SAN DIEGO -- The Reds certainly never expected to lose shortstop Zack Cozart to a season-ending knee injury in June. But one of the reasons they traded for Eugenio Suarez in the offseason was just in case something happened to Cozart.
What the club didn't foresee was how much offensive punch Suarez would bring.
"The bat is playing at a higher level in the big leagues than it did in Triple-A," manager Bryan Price said Monday after he moved Suarez up to the second spot in Cincinnati's lineup. "We're seeing some power. We're seeing some run production. We're seeing an improving two-strike approach, some patience in looking and getting a good pitch to hit early in the at-bat and not giving at-bats away. And this is a kid that just turned 24."
Suarez, who was acquired from the Tigers in the Alfredo Simon trade in December, was a .276/.361/.417 hitter in seven Minor League seasons. He batted .242/.316/.336 with four homers in 85 big league games for Detroit in 2014. On Monday, he entered batting .305/.332/.475 with six homers for the Reds since his June 11 callup while hitting safely in eight straight games and 18 of 20.
"I changed my mechanics at the plate a little," Suarez said. "I've got a leg kick that's helped me a lot. I worked on that with Marlon Byrd and he helped me a lot. The hitting coach, Don Long, helps me a lot every day. We work extra. I'm hitting the ball hard. I've got more power."
It's the second time this season that Suarez has gotten to bat second.
"It's really special for me," he said. "The manager is giving me the opportunity because my work right now is very good. I work a lot on my play at the plate, and my defense is getting better now."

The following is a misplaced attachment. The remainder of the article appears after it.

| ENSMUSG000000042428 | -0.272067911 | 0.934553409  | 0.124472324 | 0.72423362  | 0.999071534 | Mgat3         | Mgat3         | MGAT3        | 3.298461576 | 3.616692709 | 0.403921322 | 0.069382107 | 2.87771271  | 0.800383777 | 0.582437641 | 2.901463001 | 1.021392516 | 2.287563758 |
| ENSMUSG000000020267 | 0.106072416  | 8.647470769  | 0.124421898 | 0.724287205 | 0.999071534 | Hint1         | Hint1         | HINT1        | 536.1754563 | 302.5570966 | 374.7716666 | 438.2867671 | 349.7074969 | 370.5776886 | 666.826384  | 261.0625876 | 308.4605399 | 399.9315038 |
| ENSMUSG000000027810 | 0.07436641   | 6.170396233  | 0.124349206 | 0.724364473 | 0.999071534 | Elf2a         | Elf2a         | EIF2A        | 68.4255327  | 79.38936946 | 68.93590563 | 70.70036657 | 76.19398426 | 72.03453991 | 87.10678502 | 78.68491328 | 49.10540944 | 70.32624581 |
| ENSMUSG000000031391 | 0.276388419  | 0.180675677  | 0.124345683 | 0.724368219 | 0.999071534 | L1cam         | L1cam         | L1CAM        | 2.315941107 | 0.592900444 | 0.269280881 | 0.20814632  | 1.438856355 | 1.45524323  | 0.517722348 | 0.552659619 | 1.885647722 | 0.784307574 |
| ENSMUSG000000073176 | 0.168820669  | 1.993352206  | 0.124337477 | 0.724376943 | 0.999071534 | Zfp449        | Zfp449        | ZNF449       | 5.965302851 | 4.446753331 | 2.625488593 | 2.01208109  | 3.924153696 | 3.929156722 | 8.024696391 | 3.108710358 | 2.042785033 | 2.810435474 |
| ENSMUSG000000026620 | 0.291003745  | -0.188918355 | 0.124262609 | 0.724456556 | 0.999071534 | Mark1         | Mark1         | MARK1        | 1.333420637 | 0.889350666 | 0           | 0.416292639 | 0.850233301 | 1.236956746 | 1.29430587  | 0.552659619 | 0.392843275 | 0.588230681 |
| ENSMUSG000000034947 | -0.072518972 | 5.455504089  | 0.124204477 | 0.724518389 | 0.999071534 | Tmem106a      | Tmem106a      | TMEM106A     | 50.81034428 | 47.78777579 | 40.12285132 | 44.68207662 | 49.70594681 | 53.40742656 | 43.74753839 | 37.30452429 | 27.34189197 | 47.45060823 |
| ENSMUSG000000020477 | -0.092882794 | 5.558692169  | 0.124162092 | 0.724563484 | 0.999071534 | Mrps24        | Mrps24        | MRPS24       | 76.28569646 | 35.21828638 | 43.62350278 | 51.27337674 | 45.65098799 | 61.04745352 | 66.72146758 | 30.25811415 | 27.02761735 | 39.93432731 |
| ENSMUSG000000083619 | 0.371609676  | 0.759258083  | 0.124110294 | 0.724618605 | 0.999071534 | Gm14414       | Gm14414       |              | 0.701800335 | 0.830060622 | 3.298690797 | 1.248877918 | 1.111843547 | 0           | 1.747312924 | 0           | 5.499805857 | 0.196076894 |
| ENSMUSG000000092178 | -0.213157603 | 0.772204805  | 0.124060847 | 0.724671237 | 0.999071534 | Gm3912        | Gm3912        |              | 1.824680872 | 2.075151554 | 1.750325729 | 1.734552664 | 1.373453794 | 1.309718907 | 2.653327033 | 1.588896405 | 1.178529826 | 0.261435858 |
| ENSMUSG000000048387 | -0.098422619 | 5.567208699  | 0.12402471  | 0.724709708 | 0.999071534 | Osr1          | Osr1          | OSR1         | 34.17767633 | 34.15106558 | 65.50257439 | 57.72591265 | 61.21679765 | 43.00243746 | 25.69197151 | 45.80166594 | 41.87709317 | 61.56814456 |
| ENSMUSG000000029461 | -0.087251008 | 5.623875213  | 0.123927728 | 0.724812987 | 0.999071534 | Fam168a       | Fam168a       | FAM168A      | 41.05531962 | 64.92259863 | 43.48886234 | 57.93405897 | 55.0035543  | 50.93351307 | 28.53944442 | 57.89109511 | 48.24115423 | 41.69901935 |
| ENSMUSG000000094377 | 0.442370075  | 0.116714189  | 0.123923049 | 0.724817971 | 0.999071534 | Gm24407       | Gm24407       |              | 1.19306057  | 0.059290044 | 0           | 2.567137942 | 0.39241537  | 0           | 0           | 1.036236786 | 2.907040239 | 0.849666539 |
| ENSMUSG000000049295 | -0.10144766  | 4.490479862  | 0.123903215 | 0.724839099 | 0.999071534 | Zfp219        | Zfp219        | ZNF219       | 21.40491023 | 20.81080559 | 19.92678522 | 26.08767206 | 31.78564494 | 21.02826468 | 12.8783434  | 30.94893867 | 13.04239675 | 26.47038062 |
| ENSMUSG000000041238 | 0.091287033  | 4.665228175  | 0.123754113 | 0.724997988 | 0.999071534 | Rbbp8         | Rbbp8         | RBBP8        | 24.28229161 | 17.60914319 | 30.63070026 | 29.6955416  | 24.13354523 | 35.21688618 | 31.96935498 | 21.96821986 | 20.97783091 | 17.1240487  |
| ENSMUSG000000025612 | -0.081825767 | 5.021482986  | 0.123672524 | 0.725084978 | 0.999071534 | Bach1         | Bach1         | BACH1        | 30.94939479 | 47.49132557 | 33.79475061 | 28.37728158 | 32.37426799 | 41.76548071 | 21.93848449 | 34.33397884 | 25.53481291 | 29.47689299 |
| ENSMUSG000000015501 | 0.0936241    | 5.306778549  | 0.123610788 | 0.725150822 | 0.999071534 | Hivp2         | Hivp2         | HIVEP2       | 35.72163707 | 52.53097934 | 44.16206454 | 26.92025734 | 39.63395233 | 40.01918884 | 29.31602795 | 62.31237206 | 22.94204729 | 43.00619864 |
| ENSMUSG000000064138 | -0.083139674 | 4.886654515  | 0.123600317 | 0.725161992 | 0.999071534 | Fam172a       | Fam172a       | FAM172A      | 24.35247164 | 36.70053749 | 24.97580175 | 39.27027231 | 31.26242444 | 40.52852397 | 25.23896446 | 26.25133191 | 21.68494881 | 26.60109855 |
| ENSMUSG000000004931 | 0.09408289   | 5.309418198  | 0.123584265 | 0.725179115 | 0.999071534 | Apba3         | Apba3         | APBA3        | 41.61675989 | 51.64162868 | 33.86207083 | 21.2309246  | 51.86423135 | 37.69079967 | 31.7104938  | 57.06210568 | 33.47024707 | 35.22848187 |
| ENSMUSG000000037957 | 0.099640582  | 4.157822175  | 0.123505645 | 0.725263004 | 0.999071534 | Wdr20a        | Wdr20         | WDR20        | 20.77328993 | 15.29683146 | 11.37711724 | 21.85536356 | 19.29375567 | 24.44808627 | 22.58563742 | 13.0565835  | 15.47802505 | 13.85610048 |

Suarez's performance has already set up one of the bigger questions heading into the next offseason. What happens when Cozart returns? Price had previously mentioned taking a look at Suarez in left field next spring.
"Certainly at this point, looking at him simply as a defensive-minded shortstop who's a support system in case something happened to Zack next year, I think he's elevated himself beyond that in our organization as a guy that's establishing himself as a Major League-ready player," Price said.
• Following Sunday's bizarre walk-off loss to the D-backs, the Reds took a closer look at the circumstances that followed Chris Owings' game-ending RBI hit. Ultimately, the club decided not to file a protest or an appeal of the outcome.
"After we had done all of our reconnaissance work on the subject, it seemed highly unlikely that we would win an appeal. So we did not appeal the play," Price said. "At the end of the day, the feeling was that even though it was kind of discombobulated to a certain degree ... the call would stand."